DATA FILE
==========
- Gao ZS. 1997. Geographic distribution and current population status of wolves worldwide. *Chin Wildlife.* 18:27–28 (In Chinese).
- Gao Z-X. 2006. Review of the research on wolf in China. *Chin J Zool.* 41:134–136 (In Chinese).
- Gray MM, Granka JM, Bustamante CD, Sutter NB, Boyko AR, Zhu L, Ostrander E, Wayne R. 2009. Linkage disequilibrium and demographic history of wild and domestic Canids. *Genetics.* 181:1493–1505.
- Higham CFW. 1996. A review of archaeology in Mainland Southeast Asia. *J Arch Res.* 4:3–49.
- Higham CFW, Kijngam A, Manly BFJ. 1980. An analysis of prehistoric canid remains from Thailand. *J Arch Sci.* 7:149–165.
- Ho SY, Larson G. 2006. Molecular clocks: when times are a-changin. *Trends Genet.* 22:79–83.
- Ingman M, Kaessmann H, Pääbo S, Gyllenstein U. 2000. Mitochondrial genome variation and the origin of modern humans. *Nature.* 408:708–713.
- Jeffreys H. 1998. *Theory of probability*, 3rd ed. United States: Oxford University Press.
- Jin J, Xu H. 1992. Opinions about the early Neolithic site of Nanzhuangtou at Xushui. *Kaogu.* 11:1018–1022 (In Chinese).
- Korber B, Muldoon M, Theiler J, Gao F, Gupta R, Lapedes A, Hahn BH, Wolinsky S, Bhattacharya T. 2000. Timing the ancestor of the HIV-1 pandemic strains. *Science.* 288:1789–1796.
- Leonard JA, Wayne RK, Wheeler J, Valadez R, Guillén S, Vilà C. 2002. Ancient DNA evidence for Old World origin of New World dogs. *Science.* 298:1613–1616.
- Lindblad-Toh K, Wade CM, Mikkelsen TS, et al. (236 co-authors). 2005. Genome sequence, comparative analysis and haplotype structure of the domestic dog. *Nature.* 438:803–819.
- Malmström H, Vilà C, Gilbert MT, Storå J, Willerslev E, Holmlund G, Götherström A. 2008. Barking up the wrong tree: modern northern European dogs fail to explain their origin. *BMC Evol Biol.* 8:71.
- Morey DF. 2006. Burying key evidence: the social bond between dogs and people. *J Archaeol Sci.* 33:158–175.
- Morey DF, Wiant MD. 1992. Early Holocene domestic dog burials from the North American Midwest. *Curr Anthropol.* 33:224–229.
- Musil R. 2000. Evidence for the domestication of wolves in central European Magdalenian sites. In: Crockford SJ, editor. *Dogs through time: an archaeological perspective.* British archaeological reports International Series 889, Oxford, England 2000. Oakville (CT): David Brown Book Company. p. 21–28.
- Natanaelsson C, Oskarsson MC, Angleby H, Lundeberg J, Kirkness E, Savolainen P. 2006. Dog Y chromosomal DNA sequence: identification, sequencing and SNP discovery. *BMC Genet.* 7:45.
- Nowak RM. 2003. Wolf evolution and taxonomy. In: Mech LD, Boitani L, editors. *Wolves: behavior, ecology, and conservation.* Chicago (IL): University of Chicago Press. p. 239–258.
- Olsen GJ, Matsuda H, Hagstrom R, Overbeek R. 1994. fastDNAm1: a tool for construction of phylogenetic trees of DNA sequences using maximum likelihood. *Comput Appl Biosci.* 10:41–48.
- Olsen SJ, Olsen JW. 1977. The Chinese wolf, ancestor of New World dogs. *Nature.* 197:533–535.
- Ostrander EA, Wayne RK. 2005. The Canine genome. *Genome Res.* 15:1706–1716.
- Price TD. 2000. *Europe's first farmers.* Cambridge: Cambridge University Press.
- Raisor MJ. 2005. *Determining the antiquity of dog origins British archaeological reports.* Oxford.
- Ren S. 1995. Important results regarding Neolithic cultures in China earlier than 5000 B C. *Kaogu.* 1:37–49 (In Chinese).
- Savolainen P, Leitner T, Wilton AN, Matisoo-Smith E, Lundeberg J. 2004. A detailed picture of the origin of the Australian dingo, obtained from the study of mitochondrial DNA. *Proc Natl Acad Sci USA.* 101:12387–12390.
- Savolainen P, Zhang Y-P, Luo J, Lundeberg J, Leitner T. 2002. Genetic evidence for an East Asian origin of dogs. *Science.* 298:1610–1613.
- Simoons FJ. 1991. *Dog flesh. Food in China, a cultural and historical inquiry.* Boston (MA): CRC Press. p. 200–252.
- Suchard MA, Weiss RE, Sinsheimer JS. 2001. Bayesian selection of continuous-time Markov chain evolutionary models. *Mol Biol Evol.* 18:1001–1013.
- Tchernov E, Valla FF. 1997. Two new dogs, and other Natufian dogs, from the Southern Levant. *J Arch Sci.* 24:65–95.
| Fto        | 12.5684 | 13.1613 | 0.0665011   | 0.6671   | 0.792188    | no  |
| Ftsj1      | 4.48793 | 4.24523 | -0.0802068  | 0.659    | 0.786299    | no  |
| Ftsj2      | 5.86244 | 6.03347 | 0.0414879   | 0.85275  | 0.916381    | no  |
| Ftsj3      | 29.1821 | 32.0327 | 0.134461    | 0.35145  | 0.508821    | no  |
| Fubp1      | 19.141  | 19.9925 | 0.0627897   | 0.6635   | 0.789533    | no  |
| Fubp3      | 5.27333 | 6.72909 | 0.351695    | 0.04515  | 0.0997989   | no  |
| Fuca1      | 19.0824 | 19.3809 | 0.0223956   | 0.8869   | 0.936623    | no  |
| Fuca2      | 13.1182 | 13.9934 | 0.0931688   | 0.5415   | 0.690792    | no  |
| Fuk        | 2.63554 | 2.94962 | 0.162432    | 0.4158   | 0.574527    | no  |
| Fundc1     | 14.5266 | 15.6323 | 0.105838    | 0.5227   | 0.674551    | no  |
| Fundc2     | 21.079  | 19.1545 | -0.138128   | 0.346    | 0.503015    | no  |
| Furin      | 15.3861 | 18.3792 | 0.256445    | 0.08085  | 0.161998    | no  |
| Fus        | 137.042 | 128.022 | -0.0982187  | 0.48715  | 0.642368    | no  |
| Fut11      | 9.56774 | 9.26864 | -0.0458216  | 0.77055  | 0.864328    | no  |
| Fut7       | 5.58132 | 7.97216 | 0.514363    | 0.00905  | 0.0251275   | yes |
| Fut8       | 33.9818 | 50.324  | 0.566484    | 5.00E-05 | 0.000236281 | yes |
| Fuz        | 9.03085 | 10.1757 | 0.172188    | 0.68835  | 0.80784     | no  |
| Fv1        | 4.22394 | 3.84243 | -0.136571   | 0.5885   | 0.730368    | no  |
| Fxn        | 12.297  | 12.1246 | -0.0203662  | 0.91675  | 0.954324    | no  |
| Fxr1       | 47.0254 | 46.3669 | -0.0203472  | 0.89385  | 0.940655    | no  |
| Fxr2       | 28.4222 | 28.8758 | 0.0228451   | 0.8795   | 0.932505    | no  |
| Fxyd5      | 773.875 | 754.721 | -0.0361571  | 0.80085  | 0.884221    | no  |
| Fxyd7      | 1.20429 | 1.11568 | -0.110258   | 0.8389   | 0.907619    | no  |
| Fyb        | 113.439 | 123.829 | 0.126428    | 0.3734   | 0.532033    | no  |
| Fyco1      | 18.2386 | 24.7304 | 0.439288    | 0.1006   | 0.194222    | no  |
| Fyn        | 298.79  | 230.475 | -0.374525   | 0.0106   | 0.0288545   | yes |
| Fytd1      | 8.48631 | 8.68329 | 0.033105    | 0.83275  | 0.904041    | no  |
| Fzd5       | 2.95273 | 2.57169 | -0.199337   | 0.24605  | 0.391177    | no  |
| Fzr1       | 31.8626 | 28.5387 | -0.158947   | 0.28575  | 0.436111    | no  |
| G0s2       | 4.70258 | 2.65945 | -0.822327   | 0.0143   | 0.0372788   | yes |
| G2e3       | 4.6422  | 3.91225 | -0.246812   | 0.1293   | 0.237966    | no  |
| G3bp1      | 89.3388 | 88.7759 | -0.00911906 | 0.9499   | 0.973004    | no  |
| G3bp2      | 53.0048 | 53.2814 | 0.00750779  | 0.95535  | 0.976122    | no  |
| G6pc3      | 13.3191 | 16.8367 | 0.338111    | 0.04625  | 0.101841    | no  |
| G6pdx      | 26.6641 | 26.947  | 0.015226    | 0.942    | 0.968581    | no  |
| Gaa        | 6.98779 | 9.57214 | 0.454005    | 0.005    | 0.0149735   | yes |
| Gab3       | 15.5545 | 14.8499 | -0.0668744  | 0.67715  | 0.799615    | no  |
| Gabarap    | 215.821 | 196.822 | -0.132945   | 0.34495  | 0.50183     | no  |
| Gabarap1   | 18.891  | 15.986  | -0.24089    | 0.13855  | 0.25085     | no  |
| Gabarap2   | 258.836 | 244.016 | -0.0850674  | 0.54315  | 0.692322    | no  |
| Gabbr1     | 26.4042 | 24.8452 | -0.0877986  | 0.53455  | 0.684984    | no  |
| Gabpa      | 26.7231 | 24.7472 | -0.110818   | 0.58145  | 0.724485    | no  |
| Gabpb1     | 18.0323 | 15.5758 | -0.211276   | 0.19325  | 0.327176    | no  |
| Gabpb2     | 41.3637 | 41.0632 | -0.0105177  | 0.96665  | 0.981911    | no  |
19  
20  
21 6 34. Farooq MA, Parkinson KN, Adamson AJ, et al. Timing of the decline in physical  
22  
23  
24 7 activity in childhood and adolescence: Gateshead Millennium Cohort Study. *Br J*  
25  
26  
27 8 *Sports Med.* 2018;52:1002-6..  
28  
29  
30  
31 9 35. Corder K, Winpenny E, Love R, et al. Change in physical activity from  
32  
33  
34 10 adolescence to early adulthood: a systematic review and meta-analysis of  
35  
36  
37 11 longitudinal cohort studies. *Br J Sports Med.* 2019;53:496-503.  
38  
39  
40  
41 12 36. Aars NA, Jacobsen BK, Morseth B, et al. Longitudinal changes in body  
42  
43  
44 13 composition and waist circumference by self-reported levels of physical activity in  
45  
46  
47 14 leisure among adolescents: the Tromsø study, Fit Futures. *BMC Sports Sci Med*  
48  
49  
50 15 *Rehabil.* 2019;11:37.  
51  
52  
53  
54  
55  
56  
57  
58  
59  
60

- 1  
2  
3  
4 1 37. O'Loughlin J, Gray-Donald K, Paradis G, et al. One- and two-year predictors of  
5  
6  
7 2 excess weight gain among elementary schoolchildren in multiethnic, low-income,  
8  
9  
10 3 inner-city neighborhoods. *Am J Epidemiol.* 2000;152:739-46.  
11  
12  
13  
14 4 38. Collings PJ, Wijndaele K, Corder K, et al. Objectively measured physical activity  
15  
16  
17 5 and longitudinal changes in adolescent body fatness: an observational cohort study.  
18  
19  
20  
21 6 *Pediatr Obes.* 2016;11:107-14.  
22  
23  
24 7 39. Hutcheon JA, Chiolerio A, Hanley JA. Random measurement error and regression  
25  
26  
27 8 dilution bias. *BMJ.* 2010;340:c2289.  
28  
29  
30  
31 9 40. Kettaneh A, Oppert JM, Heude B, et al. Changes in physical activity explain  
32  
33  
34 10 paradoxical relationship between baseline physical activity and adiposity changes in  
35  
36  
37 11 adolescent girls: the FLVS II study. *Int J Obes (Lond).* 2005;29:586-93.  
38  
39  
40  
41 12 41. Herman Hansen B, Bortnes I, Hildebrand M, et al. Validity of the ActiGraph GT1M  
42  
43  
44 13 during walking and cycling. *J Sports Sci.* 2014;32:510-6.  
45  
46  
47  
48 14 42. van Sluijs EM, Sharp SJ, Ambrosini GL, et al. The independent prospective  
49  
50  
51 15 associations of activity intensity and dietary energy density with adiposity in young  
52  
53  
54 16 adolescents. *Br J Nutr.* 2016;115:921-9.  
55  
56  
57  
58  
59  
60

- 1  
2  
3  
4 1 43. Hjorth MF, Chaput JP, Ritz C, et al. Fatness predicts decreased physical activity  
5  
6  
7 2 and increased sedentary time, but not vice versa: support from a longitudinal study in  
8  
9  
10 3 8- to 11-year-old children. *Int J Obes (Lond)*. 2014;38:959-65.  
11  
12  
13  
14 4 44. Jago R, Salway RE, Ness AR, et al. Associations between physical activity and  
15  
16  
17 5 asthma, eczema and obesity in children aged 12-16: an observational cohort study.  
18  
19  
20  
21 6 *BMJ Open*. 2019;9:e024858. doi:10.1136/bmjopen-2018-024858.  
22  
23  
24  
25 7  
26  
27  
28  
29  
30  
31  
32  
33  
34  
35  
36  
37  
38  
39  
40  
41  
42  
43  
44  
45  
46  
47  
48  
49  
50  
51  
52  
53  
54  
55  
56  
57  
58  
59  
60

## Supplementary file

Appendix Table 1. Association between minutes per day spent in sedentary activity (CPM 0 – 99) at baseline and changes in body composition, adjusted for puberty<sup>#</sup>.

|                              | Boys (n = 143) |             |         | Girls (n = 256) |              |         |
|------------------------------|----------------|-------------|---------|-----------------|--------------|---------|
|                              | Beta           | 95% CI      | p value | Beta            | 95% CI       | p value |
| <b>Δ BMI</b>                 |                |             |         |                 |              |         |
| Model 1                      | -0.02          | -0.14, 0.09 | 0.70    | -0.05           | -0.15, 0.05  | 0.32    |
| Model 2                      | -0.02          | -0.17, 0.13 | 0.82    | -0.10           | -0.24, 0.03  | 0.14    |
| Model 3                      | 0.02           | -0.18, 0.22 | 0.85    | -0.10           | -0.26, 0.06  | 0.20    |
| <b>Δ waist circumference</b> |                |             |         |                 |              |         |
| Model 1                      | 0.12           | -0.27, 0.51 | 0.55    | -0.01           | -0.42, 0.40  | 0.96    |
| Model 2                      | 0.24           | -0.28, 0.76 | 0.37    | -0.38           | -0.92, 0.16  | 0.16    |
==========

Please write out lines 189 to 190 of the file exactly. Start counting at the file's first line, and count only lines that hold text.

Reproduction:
14 4 44. Jago R, Salway RE, Ness AR, et al. Associations between physical activity and  
15  